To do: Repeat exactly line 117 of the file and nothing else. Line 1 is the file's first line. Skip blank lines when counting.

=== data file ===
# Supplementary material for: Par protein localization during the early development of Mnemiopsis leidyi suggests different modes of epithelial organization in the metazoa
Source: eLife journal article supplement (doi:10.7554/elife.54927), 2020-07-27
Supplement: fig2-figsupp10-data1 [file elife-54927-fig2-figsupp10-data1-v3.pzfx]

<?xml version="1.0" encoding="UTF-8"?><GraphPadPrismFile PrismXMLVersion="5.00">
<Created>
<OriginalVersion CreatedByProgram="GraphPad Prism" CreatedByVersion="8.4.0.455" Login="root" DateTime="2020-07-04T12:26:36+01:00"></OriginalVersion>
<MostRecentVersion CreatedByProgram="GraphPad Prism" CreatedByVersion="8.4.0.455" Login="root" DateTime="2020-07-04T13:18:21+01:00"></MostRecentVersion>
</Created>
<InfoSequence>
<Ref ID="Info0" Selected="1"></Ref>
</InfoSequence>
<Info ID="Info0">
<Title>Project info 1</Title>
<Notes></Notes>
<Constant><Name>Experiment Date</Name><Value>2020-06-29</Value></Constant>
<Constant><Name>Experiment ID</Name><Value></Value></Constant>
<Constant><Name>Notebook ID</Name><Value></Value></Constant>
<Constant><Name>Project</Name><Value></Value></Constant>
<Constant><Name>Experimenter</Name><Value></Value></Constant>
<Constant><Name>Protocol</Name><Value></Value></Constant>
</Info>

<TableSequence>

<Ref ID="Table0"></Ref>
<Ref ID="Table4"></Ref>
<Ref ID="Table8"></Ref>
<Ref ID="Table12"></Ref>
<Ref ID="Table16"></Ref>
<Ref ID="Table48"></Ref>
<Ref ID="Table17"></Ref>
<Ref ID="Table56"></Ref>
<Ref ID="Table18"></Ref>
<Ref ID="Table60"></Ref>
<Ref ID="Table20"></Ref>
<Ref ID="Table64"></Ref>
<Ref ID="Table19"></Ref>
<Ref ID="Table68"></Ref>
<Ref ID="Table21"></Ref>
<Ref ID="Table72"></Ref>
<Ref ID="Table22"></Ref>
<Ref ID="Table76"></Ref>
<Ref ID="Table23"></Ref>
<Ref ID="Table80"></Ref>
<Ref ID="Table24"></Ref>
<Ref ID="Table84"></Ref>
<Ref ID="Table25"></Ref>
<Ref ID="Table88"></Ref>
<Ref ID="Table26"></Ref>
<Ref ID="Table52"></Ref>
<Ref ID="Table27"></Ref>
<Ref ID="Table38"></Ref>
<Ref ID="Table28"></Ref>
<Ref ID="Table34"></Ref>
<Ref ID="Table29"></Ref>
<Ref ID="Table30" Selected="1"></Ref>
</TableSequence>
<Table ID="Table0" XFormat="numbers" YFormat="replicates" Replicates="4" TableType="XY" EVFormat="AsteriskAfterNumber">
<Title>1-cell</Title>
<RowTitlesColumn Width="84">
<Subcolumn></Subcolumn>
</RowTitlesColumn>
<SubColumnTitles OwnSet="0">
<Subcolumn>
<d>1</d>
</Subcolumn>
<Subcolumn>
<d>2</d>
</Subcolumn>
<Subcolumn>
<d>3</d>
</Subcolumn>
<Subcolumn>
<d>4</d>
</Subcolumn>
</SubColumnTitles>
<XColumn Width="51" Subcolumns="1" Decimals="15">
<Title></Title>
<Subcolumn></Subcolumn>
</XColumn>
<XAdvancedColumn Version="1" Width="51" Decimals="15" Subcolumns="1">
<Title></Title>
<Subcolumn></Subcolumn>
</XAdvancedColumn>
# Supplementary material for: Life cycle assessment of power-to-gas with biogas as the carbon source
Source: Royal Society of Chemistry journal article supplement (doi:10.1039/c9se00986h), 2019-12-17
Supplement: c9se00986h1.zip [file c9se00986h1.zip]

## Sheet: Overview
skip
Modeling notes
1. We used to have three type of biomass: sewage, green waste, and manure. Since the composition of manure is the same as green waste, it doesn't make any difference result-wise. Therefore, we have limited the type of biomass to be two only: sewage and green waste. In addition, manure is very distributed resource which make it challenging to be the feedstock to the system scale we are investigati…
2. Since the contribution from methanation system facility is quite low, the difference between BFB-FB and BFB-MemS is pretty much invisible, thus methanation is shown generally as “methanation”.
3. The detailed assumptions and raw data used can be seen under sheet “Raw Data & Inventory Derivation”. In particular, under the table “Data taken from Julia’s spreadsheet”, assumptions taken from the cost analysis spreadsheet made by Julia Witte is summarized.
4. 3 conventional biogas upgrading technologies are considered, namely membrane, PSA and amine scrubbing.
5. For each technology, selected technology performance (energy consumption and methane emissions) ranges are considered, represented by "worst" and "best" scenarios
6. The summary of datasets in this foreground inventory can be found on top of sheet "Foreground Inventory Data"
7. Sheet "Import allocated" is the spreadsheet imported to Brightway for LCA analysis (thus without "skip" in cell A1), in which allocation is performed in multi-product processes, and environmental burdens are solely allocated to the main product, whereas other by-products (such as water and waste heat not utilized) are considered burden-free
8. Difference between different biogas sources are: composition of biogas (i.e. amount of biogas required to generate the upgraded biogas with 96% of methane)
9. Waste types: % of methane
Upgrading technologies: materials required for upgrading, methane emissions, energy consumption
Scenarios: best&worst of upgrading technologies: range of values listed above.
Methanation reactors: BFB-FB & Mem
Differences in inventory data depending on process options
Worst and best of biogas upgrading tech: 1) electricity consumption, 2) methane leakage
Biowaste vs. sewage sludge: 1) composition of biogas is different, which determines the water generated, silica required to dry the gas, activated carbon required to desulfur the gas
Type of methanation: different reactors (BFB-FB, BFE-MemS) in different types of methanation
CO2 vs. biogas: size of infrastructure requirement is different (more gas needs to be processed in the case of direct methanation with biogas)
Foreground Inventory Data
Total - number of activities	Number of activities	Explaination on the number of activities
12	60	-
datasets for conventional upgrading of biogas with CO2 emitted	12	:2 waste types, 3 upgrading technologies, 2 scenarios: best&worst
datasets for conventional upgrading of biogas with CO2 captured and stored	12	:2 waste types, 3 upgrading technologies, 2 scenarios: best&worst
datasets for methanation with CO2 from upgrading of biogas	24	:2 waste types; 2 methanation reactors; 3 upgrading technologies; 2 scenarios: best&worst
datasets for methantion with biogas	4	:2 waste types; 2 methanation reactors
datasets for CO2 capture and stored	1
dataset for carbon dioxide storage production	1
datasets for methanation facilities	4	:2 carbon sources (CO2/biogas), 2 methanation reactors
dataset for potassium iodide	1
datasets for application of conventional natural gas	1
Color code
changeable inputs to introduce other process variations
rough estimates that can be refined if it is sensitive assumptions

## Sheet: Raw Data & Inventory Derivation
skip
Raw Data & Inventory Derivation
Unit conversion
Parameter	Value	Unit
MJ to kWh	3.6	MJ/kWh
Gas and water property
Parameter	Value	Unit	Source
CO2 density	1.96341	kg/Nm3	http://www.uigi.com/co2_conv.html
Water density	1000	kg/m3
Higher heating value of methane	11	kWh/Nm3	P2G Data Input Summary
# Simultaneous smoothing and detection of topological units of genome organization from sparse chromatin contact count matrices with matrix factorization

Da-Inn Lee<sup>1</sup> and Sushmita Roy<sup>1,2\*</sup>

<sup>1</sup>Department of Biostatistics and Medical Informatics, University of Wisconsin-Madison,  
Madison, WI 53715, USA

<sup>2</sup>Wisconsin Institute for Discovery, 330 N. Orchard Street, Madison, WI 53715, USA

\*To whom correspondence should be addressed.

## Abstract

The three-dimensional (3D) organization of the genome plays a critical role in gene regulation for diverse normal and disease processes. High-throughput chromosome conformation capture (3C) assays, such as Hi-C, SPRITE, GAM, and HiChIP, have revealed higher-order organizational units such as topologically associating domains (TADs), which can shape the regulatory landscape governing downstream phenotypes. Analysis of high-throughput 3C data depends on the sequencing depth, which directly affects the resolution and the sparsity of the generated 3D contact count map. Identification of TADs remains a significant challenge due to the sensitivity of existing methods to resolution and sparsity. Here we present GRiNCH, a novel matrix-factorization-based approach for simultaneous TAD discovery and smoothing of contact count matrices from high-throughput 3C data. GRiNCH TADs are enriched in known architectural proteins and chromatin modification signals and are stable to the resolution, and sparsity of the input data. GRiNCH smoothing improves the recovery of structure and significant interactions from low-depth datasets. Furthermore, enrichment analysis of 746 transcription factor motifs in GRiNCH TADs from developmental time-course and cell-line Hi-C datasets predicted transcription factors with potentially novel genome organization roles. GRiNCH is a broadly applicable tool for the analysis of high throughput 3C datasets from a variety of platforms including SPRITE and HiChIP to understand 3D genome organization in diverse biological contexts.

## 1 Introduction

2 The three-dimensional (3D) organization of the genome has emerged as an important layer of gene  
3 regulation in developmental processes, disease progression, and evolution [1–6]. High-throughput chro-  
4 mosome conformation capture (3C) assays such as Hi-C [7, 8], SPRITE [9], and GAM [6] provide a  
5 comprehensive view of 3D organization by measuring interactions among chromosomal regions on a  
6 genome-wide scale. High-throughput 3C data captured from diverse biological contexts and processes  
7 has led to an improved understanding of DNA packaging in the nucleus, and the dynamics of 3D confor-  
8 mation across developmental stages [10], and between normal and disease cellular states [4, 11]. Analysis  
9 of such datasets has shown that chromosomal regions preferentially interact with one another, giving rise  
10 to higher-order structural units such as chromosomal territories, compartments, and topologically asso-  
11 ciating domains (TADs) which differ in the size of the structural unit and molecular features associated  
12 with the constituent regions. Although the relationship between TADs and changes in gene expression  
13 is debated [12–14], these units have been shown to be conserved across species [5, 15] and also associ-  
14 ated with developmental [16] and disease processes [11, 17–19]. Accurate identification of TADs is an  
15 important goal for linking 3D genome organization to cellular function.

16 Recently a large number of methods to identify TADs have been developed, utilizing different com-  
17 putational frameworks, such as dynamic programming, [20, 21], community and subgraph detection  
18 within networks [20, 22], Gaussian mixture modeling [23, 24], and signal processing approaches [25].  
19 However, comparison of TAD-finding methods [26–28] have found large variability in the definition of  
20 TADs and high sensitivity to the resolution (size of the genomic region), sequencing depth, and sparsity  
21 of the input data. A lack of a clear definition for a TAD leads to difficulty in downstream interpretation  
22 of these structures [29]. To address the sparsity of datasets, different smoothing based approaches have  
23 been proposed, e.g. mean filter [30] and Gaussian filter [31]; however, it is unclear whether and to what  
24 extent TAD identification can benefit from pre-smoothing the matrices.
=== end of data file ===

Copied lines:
datasets for application of conventional natural gas	1